- Ca. 1820 - 1823
- The Prado National Museum. Madrid, Madrid, Spain
- 126 x 66 cm
- Técnica y soporte
- Oil painting on plaster transferred to canvas
- Reconocimiento de la autoría de Goya
- Undisputed work
- El Prado National Museum
- Ficha: realización/revisión
- 28 Oct 2010 / 14 Apr 2021
This is a vertical composition originally located on the first floor of the house known as the Quinta del Sordo, on the wall facing the entrance to the room. It is an everyday scene in which six male figures appear in the darkness around a central figure whose shirt offers a triangle of light. The viewer's gaze is drawn from this point of light to the paper the man holds in his hand and the three figures in the foreground. The rest of the men gather around the central character in order to hear him better, creating the effect of a crowd.
The figures are rendered in broad brushstrokes that give great expressiveness to the faces, which is all we can see of most of the figures. Some of the other characters' clothes are also visible, and these are also painted in broad strokes.
This is an everyday scene placed in a setting that is hardly appropriate to reading, given that the room seems badly lit with no visible window or door. The action takes precedence, with little importance given to the setting where the scene takes place.
At the time when the Black Paintings were produced the publication of periodicals was increasing, both political journals and the satirical publications that emerged with the Liberal Triennium, and this is possibly the reason behind Goya's choice of theme. It is difficult to interpret the painting's meaning, and it is usually linked to Two Women and a Man (Dos mujeres y un hombre), which was situated on the same wall. Glendinning suggests that these paintings represent two aspects of the culture of the time, the serious side in The Reading, and the comic side in Two Women and a Man. In the opinion of González de Zárate the painting's meaning is related to the political oppression of the time, and the way culture must have gone underground. Muller identifies the man reading as a monk, his audience as ordinary people: he offers various possible interpretations of the scene, including the consequences of illiteracy.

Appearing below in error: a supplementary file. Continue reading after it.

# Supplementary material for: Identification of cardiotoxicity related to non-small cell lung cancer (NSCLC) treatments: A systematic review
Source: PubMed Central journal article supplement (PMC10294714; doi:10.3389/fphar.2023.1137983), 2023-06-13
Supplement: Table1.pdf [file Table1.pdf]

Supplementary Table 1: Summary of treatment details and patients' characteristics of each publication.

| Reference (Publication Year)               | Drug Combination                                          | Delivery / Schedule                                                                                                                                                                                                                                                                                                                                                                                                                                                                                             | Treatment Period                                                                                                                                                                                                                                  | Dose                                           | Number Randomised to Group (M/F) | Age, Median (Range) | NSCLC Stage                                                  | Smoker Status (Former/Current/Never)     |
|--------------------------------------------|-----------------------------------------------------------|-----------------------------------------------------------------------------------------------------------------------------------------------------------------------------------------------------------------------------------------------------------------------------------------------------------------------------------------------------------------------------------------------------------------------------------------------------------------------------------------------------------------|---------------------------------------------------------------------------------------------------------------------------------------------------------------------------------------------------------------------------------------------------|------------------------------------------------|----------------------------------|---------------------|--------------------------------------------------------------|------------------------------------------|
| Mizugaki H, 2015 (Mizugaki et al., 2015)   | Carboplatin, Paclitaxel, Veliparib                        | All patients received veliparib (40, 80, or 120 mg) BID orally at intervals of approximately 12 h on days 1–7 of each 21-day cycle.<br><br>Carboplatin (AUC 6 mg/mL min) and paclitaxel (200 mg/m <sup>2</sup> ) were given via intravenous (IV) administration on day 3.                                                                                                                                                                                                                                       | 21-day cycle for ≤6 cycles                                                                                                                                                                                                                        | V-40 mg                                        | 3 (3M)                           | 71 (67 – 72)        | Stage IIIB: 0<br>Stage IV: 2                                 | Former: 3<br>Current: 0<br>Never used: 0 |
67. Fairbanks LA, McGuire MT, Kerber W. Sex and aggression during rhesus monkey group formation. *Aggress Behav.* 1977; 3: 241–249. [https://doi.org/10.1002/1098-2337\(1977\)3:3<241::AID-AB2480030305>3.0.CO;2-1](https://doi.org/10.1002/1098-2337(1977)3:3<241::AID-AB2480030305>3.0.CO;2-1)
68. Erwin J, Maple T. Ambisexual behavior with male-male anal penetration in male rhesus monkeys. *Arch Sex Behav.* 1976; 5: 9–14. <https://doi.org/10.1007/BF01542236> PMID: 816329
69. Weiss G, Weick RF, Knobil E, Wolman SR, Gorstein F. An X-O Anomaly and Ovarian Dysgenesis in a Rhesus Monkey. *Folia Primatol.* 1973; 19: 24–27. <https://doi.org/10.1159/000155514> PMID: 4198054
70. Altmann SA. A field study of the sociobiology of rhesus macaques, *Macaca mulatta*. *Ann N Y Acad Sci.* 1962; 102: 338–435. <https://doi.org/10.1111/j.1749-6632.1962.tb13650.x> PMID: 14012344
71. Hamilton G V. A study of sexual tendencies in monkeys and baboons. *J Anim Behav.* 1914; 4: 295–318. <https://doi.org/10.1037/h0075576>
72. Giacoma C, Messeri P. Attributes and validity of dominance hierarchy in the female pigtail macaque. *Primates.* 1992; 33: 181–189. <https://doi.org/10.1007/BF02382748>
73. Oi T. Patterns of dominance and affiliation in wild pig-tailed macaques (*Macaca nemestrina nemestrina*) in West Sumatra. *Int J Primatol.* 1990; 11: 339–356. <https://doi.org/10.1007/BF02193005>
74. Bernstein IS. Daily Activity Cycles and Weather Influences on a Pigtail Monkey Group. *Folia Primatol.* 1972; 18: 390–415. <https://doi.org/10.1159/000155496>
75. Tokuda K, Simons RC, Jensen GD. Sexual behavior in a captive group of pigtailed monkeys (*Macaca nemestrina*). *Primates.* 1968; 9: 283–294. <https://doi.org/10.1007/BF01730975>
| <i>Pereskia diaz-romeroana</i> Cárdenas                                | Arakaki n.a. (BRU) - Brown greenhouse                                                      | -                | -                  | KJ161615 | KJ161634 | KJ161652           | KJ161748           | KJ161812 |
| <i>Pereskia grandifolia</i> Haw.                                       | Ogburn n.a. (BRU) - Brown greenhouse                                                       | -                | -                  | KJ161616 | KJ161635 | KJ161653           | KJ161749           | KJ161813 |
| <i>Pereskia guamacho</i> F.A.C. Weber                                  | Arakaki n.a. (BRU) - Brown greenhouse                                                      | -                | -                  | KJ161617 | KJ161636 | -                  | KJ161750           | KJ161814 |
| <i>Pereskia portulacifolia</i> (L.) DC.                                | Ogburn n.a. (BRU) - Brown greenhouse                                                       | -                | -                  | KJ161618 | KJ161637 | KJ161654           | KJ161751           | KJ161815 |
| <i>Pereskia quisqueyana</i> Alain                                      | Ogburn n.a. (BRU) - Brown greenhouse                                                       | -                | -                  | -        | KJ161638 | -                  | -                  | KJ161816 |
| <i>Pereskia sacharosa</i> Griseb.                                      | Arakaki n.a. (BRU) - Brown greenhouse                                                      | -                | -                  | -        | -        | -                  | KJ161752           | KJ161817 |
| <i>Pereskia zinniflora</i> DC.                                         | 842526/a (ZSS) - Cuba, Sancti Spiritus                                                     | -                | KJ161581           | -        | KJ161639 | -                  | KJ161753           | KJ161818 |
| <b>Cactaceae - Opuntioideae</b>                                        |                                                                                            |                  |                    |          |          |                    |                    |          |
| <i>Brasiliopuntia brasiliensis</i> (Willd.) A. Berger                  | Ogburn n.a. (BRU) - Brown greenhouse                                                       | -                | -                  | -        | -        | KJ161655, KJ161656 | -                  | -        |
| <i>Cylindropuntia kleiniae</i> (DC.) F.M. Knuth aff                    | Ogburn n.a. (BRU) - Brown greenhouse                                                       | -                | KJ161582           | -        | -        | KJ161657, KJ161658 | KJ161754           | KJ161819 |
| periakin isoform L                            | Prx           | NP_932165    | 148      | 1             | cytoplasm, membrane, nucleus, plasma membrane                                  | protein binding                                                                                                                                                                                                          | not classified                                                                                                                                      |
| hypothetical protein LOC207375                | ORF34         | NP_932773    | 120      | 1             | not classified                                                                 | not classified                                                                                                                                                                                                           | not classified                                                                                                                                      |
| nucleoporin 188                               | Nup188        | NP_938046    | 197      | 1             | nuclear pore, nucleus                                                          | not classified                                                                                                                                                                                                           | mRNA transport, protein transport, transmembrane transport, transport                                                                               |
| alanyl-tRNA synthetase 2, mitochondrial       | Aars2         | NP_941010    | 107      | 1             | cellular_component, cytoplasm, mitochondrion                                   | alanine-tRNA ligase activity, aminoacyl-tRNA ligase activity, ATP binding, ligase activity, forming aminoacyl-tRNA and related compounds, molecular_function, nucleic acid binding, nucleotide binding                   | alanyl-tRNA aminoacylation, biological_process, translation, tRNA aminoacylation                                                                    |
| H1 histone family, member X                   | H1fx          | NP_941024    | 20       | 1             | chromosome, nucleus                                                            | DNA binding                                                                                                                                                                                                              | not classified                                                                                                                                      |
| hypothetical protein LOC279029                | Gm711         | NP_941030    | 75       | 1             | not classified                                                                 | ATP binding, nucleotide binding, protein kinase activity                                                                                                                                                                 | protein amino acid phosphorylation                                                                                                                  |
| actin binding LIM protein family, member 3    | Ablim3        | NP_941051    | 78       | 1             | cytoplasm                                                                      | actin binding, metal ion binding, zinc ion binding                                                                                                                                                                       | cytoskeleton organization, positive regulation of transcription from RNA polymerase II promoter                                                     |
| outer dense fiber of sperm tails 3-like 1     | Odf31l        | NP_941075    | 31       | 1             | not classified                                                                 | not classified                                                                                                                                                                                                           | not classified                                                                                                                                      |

The positioning of the figures in the composition creates a dialogue between them. Likewise, a dialogue is also established with the viewer, who takes on the role of voyeur or curious onlooker.
There are differences between the painting that decorated Goya’s house and this version due to the restoration carried out by Martínez Cubells, who must have carried out various repaintings after the work was removed from the wall, losing substantial layers of paint in the process. According to Glendinning, among the changes made the restorer would have added elements of the faces in the background which were not well defined in the original or had partly disappeared. There had been a window in the background which was overpainted by Martínez Cubells when he reworked the figure that is looking upwards.
Pinturas Negras en la Exposición Universal de ParísPalacio del TrocaderoParís1878from may 20th to November 10th 1878
Goya. 250 AniversarioMuseo Nacional del PradoMadrid1996consultant editor Juan J. Luna. From March 29th to June 2nd 1996cat. 161
Vie et ouvre de Francisco de GoyaParísOffice du livre1970327-329, cat. 1617
vol. I, p.380, cat. 710
Goya's Black Paintings: Truth and Reason in Light and LibertyNew YorkHispanic Society of America1984p. 102-106
Goya, de lo Bello a lo SublimeInstituto de Estudios Iconográficos1990
Goya. 250 AniversarioMadridMuseo del Prado1996p. 429
Las pinturas negras de Goya, AlcobendasT.F. Editores1997p.75-78
Las Pinturas Negras de GoyaLondonScala Publishers Ltd.2003p.78